Towable trailers coupled to a special hitch mounted in the bed of a truck over the rear axle. These trailers can have one to three axles and are the largest in the towable class. Due to hitch requirements, they can only be towed by trucks or specialized vehicles prepared for fifth-wheel trailer compatibility.
Gross Combination Weight Rating, the maximum allowable weight of the tow vehicle and towable, or motorhomes and dinghy. This number includes the weight of both vehicle and towable, cargo, passengers and a full load of fluids (water, fuel, etc).
A type of hitch used on fifth wheel trailers, Goosenecks are common for farm and construction equipment but do not generally offer the same stability as a standard fifth wheel pin and capture plate setup. People tend to use a gooseneck only when the truck needs to pull double duty.
A device that transfers heat from one source to another; e.g., your furnace. Propane flame and combustion products are contained inside the heat exchanger that is sealed from the inside area. Inside air is blown over the exchanger's surface, where it is warmed and blown through the RV's ducts to heat the inside of the RV. Combustion gases vent into outside air.
An electrical heating element located in the air conditioning system with the warm air distributed by the air conditioner fan and ducting system. They are typically 1500 watt elements merely functioning to 'take the chill off'.
The amount of weight imposed directly on the hitch when the towable is coupled (also known as 'tongue weight'). For a travel trailer, hitch weight is approximately 10-15 percent of overall weight; for a fifth wheel it is usually 18-20 percent. Also referred to as tongue weight on a bumper pull trailer of pin weight on a fifth wheel.
90 percent angle created by turning towable with tow vehicle. Warning: jackknifing a short bed truck towing a fifth wheel without the use of a slider hitch or extended pin box can result in severe damage to the truck.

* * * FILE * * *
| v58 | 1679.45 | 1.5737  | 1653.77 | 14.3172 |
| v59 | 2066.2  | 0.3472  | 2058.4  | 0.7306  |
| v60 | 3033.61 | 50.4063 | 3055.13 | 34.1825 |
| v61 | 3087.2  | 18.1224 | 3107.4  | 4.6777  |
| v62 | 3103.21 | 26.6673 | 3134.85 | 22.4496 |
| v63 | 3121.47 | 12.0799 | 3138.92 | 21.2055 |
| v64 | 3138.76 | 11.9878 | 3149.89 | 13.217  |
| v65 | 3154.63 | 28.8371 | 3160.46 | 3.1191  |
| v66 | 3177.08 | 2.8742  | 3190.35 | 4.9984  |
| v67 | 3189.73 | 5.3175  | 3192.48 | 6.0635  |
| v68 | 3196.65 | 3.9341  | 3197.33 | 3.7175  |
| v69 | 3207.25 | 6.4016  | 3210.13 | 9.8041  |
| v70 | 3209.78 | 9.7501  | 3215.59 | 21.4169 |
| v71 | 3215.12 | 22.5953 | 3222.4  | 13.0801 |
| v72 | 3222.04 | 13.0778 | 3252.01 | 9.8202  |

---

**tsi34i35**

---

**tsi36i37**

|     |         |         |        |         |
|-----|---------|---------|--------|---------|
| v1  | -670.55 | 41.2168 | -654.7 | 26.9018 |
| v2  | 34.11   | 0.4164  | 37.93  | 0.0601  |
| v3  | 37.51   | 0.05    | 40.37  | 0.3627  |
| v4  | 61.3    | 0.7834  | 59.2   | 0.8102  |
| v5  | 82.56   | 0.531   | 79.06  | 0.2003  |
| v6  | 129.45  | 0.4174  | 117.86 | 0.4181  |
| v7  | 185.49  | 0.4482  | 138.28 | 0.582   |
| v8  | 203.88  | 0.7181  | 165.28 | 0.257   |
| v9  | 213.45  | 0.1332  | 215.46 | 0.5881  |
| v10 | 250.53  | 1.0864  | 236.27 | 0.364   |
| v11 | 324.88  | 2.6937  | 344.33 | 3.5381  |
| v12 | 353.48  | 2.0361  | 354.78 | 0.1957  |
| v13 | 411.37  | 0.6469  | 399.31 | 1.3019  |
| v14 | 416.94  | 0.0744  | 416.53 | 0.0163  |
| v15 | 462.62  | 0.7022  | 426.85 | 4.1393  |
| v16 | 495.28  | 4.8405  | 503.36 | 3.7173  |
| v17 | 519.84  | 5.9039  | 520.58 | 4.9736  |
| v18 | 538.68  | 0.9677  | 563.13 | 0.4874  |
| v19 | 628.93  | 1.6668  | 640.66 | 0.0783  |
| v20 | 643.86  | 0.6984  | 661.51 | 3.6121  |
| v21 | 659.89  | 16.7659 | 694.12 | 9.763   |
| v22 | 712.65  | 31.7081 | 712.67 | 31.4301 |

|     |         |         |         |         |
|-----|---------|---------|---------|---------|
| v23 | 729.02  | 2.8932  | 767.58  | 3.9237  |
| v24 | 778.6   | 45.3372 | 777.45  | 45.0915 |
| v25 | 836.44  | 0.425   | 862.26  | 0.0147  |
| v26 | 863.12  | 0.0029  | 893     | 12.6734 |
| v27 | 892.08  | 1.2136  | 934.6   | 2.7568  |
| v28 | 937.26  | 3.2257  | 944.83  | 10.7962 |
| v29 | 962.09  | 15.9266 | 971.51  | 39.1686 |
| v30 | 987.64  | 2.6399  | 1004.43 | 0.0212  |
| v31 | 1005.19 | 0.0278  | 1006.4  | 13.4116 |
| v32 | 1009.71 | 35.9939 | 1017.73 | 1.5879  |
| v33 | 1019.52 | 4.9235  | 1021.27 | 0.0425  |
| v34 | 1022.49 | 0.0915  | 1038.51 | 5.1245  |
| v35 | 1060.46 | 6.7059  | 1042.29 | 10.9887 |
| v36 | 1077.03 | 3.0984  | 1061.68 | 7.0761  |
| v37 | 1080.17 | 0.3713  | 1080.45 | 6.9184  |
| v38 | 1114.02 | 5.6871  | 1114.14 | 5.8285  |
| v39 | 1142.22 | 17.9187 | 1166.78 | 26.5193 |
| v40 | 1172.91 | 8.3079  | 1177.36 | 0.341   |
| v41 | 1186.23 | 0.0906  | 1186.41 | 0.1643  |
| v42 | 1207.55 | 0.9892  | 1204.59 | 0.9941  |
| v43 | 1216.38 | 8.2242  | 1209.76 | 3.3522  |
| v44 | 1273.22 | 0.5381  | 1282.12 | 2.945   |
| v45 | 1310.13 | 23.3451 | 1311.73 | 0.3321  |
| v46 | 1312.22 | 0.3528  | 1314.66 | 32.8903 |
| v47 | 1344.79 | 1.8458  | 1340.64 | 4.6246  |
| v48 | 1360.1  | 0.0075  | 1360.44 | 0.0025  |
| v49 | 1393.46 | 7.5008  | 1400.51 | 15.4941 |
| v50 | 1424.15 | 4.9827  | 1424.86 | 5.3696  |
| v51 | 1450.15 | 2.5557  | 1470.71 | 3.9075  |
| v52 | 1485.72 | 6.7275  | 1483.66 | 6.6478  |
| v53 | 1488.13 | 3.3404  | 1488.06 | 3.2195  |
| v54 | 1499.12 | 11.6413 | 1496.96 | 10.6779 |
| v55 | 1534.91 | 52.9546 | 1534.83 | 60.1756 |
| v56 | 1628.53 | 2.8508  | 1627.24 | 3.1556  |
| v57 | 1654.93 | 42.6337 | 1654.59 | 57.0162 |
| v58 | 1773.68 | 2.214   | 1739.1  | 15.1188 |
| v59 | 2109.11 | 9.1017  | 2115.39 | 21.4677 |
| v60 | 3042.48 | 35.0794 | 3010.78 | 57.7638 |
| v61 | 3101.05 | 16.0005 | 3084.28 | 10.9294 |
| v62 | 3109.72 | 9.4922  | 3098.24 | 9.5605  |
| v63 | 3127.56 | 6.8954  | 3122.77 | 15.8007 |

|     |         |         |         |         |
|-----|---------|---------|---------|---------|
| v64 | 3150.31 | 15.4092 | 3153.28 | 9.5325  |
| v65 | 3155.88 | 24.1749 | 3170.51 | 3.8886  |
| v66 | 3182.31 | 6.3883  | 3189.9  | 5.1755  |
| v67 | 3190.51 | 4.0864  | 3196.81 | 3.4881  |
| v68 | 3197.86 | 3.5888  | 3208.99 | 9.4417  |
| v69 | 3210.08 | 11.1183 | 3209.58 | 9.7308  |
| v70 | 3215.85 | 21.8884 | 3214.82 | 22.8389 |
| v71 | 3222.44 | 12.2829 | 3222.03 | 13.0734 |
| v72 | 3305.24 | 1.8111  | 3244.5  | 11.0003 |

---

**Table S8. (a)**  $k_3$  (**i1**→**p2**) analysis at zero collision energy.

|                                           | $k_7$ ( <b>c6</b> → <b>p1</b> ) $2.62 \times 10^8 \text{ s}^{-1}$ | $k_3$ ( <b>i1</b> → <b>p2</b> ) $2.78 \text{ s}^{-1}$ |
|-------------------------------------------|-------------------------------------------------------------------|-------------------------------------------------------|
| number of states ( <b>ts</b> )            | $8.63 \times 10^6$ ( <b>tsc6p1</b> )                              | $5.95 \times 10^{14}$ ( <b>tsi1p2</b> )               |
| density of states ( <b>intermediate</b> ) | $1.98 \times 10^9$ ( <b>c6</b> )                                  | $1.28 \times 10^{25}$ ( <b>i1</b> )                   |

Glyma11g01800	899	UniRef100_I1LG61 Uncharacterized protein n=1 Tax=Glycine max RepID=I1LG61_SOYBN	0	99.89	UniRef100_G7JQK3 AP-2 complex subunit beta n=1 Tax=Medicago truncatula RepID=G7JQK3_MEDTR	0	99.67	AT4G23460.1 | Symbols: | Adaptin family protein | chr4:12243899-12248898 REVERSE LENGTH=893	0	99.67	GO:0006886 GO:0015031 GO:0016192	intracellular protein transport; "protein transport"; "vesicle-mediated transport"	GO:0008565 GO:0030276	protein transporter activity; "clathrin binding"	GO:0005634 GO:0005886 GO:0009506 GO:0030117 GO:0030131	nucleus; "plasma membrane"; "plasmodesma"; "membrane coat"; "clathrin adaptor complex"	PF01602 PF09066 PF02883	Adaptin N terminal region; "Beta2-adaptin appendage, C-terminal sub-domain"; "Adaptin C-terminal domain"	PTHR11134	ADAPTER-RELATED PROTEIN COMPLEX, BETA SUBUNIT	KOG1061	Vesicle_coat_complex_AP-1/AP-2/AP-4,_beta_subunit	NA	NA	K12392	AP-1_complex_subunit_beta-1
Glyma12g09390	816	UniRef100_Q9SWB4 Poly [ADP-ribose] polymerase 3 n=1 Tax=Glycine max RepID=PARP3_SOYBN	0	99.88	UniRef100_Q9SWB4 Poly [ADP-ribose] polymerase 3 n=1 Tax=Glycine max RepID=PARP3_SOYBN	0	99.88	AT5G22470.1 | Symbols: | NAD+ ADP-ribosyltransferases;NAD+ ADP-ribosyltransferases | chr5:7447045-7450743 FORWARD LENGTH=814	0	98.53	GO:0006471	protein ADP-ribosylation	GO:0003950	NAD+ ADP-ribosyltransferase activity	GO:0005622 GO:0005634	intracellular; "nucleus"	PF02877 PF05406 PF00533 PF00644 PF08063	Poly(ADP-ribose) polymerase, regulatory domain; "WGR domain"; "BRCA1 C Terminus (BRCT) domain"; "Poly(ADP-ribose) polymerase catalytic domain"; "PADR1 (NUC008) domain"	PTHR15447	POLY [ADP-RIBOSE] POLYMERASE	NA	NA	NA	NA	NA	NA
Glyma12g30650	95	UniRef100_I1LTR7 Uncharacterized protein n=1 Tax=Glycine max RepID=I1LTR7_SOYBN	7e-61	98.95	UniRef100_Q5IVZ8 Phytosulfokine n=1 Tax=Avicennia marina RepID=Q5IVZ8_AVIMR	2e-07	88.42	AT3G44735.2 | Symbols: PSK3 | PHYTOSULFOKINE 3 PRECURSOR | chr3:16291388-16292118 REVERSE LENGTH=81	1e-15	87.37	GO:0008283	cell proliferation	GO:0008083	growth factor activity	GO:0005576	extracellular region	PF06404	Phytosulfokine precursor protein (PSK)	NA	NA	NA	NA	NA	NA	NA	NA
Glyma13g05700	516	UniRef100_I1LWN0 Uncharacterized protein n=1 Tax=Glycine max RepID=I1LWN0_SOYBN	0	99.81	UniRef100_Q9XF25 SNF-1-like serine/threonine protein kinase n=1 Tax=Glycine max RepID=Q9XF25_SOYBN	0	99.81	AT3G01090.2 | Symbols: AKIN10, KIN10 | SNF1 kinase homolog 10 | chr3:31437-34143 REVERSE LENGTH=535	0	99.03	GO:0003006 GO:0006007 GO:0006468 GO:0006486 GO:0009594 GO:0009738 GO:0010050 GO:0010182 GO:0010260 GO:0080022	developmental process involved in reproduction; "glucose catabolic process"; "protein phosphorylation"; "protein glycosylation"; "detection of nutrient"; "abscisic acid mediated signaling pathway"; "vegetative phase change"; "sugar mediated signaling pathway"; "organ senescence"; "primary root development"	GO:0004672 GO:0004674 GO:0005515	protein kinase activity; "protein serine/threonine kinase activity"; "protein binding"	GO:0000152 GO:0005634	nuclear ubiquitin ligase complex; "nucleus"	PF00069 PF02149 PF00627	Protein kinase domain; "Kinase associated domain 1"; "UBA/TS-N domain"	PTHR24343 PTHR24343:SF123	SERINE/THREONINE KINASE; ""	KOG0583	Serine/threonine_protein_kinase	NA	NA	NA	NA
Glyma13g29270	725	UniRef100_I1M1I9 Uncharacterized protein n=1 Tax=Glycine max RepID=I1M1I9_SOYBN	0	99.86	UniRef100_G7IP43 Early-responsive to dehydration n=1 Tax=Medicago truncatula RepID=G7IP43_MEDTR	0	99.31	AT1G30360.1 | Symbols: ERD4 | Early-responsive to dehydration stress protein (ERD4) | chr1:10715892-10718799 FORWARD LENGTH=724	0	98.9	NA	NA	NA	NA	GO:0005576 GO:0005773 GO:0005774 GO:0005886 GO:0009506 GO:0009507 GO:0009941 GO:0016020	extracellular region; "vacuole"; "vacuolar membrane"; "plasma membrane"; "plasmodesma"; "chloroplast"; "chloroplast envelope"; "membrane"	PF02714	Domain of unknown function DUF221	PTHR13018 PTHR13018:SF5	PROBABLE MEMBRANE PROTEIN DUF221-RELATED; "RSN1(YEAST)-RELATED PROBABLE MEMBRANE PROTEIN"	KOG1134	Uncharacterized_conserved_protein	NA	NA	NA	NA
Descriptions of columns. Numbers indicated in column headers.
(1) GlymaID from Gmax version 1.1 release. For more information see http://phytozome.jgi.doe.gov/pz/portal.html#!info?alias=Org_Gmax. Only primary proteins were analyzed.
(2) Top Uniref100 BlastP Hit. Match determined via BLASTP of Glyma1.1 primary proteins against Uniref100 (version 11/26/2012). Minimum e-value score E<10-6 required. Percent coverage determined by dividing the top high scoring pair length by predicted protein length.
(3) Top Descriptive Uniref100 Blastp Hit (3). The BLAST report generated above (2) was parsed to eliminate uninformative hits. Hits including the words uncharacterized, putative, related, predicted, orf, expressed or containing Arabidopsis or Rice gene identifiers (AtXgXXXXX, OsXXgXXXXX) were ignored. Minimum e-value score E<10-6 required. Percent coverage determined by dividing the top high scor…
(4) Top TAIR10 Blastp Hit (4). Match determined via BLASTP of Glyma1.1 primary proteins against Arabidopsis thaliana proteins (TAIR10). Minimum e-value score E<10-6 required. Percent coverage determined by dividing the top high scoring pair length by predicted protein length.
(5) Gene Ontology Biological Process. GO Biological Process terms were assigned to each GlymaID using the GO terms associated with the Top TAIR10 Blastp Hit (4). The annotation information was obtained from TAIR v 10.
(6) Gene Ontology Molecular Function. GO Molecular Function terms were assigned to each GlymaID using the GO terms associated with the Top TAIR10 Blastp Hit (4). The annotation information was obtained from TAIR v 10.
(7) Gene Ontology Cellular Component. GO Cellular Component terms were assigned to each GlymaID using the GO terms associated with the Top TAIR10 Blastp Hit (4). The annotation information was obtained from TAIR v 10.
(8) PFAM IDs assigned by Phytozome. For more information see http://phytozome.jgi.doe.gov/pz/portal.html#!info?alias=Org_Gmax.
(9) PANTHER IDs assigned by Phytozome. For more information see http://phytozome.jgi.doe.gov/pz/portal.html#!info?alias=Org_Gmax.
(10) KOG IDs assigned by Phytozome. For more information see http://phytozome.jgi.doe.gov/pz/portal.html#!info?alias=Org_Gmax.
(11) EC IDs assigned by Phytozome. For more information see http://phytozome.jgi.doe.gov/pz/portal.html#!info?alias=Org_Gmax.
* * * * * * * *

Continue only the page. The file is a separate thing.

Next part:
A set of chains attached to a trailer’s A-frame that must be connected to the tow vehicle. They’re intended to keep the trailer attached to the tow vehicle in the event of hitch failure. Should be installed in an X-pattern to keep the coupler from dragging on the road if a separation occurs.
Component parts of a weight-distributing hitch system installed and tensioned in such a manner as to distribute a portion of the trailer's hitch weight to the tow vehicle's front axle and the axles of the trailer.
The act of a motorhome's back end to 'fishtail' out when turning sharply. Normally occurs in motorhomes with short wheel bases and long overhangs behind the rear axle. Awareness of the potential for tail swings is the key to prevention.
AKA Maximum Tow Rating, it's the maximum weight limit that can be towed by your vehicle according to the vehicle's manufacturer. Maximum Tow Rating is based upon several criteria including engine size, transmission, axle ratio, brakes, chassis, cooling systems and other special equipment. Some ratings will impose limits on overall trailer length and frontal area of the trailer as well as weight.
Any camper with an A-frame hitch system at its front needing a tow vehicle to move it. They can have from one to three axles and, depending upon weight, mostly towed by a truck or SUV with some light enough to be towed by a car.
The power cable connecting your RV to a campground’s electrical hook-up or the wiring harness connecting your tow vehicle to the trailer so you have brake lights, electric brakes and some juice to charge your trailer’s batteries.
Uniform Tire Quality Grade Labeling, it’s an acronym created by the government (hence why its so long) that stands for a system to classify tires in terms of treadwear, traction and heat resistance. Each manufacturer does the testing then labels their tires. As it is, RV tires are good for about six years.